Title: Granblue Fantasy Versus
Developer: Cygames Inc., Arc System Works
Publisher: Xseed Games
Available on: PS4, PC
Tested on: PC
Official Site: Granblue Fantasy Versus
Release Date: March 13, 2020
Where to buy: Steam
In theory, a fighting game that fits in between traditional fighters, like Street Fighter and Mortal Kombat and technically more straightforward brawlers like Smash, is a really great idea. Granblue Fantasy Versus succeeds at bridging that gap mechanically but fails in some critical ways related to the presentation of those mechanics.
A good first impression
Playing through the story mode in Granblue Fantasy Versus is an exercise in surprising delight followed by slowly mounting disappointment. The game throws the player into the deep end of a fully developed universe created for the Granblue Fantasy mobile game. At the same time, the game eases the player into its fighting mechanics. These mechanics are the high point of the game by far. The game successfully mashes up the auto combo mechanic common to Anime Fighters like Blaze Blue with a simplified method for performing special moves. Performing a special in Granblue Fantasy Versus only requires the press of a button in time with a single directional input, and super moves require only a quarter circle motion.
The overall feel of the fighting system is in between Blaze Blue and Smash but closer to Blaze Blue on that spectrum. Granblue Fantasy Versus is easy to pick up and grasp basics, but mastering a given character will take a little more work than it would in something like Mortal Kombat or Street Fighter. This is a very refreshing take on a fighting system coupled with beautiful art form veteran Final Fantasy designer, Hideo Minaba, as well as a typically excellent score by Nobuo Uematsu makes a fantastic first impression.
Then the disappointment starts
As soon as the first stage of the story in Granblue Fantasy Versus is over, the game presents players with a gacha style inventory mechanic. This makes sense, given that the mobile game that spawned this fictional universe is a gacha game based around recruiting characters and upgrading their equipment in the vein of Final Fantasy Brave Exvius. On its own, the mechanic is fairly easily ignored until the third or fourth chapter of the game, where the stages start to get tougher. Not more robust in terms of challenging fights but in terms of massive damage, sponge enemies. At this point, the game enters a bit of a feedback loop where the player either needs to accept the fact that missions now take much longer to complete or to engage with the gacha mechanic fully and trivialize most stages in the game. The difference between playing a stage with the right gear and the wrong gear is truly shocking in some instances, with the stage ending in less time than the opening cinematic for it.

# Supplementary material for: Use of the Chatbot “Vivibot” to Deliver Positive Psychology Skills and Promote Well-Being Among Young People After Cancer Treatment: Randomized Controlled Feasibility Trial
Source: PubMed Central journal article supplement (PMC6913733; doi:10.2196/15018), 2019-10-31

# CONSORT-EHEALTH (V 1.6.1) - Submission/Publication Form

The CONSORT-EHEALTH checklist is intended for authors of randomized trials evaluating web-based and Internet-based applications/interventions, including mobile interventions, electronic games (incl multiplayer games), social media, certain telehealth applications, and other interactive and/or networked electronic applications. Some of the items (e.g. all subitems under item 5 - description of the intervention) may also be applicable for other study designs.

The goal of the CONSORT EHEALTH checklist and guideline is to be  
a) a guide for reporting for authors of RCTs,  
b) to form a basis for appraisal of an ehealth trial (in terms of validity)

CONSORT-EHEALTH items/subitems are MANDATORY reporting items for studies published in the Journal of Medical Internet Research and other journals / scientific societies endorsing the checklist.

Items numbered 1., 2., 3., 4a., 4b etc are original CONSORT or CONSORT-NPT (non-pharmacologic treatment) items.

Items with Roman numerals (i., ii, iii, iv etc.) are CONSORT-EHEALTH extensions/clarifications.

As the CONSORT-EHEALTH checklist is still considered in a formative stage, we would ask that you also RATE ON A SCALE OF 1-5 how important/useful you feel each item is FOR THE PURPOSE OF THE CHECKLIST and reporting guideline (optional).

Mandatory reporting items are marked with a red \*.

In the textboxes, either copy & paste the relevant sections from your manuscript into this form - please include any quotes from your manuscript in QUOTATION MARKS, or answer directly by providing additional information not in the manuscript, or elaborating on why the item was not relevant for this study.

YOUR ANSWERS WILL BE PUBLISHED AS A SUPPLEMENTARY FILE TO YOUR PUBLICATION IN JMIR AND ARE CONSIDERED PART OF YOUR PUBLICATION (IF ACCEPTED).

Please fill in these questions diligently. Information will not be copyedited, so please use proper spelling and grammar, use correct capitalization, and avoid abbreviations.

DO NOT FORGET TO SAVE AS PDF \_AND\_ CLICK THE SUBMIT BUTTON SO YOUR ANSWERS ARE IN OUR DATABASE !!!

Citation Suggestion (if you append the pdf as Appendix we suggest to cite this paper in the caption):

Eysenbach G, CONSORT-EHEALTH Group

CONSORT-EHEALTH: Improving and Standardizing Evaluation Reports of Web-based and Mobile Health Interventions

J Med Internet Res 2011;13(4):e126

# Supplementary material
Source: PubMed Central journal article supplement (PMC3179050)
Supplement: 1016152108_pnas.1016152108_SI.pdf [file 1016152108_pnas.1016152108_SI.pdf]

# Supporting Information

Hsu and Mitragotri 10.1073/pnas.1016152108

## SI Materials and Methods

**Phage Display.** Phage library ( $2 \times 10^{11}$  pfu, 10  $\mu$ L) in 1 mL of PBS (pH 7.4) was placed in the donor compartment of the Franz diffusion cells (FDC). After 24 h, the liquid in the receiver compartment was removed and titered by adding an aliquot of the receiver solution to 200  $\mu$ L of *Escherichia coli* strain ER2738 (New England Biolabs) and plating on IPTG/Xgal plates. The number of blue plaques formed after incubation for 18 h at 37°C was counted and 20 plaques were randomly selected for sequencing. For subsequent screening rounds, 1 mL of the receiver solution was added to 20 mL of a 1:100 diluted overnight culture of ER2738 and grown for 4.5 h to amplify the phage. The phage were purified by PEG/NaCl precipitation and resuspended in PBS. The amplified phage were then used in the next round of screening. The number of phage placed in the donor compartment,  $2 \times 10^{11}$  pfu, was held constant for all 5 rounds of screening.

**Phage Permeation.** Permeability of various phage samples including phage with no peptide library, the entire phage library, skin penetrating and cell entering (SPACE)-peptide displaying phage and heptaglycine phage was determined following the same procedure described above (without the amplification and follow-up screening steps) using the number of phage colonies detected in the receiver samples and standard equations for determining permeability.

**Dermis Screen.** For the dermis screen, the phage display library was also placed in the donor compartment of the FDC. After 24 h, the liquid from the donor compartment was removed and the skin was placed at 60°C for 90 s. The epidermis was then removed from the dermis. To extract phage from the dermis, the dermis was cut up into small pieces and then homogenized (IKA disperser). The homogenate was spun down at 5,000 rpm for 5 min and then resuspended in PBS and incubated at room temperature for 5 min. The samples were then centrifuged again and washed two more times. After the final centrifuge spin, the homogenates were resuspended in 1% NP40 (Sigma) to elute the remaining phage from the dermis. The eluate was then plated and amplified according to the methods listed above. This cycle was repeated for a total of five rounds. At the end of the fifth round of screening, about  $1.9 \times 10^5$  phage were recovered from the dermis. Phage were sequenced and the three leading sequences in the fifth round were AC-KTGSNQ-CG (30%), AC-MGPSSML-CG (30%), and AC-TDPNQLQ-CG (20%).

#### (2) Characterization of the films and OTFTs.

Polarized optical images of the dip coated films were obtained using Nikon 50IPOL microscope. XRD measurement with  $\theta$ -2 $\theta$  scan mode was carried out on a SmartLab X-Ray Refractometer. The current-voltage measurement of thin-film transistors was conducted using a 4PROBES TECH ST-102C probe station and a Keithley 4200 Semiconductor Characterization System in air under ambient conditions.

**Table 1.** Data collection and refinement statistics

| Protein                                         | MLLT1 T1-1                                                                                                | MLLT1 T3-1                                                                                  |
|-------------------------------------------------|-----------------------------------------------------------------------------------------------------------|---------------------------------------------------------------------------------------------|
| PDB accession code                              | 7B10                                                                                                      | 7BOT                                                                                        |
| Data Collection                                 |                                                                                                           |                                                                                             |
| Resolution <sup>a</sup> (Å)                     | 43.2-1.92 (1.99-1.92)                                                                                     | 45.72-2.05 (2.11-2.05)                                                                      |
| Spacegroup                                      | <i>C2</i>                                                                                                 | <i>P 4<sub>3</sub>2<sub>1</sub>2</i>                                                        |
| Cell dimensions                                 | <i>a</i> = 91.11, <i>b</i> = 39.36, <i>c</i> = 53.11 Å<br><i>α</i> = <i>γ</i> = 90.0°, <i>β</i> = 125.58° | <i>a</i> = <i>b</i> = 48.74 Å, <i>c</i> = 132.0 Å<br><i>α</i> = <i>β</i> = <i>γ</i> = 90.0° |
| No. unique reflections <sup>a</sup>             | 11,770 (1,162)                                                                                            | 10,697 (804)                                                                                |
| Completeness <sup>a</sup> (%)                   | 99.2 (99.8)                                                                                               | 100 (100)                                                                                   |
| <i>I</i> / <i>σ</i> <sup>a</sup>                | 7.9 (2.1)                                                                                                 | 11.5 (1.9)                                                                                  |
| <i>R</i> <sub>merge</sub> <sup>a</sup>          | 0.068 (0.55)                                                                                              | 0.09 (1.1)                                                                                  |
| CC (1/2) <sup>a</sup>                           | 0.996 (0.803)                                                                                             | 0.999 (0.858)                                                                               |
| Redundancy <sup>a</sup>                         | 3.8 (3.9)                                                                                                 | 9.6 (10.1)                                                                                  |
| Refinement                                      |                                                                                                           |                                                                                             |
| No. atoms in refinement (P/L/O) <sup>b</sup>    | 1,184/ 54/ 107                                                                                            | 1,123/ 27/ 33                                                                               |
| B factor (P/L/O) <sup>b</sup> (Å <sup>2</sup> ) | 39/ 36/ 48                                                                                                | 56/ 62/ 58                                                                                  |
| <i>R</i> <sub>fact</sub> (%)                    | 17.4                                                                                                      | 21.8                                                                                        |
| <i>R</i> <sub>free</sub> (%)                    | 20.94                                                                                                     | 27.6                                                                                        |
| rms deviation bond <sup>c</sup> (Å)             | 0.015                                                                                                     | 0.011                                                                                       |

This gacha mechanic also makes another, more innovative, mechanic kind of moot. Most stages in the story mode include a second character in addition to the player character. In these stages, players have the option to summon a co-op partner to control this second character or let the CPU do the work. The idea is reminiscent of co-op souls-like games except that the loss of resources on death in those games raises the stakes of losing to a boss. In Granblue Fantasy Versus, though, the CPU does more than an adequate job of controlling the player’s partner character, so summoning a human player doesn’t actually help much. This is especially true when the player has fully upgraded their equipment and just tears through even the toughest boss’ health bar.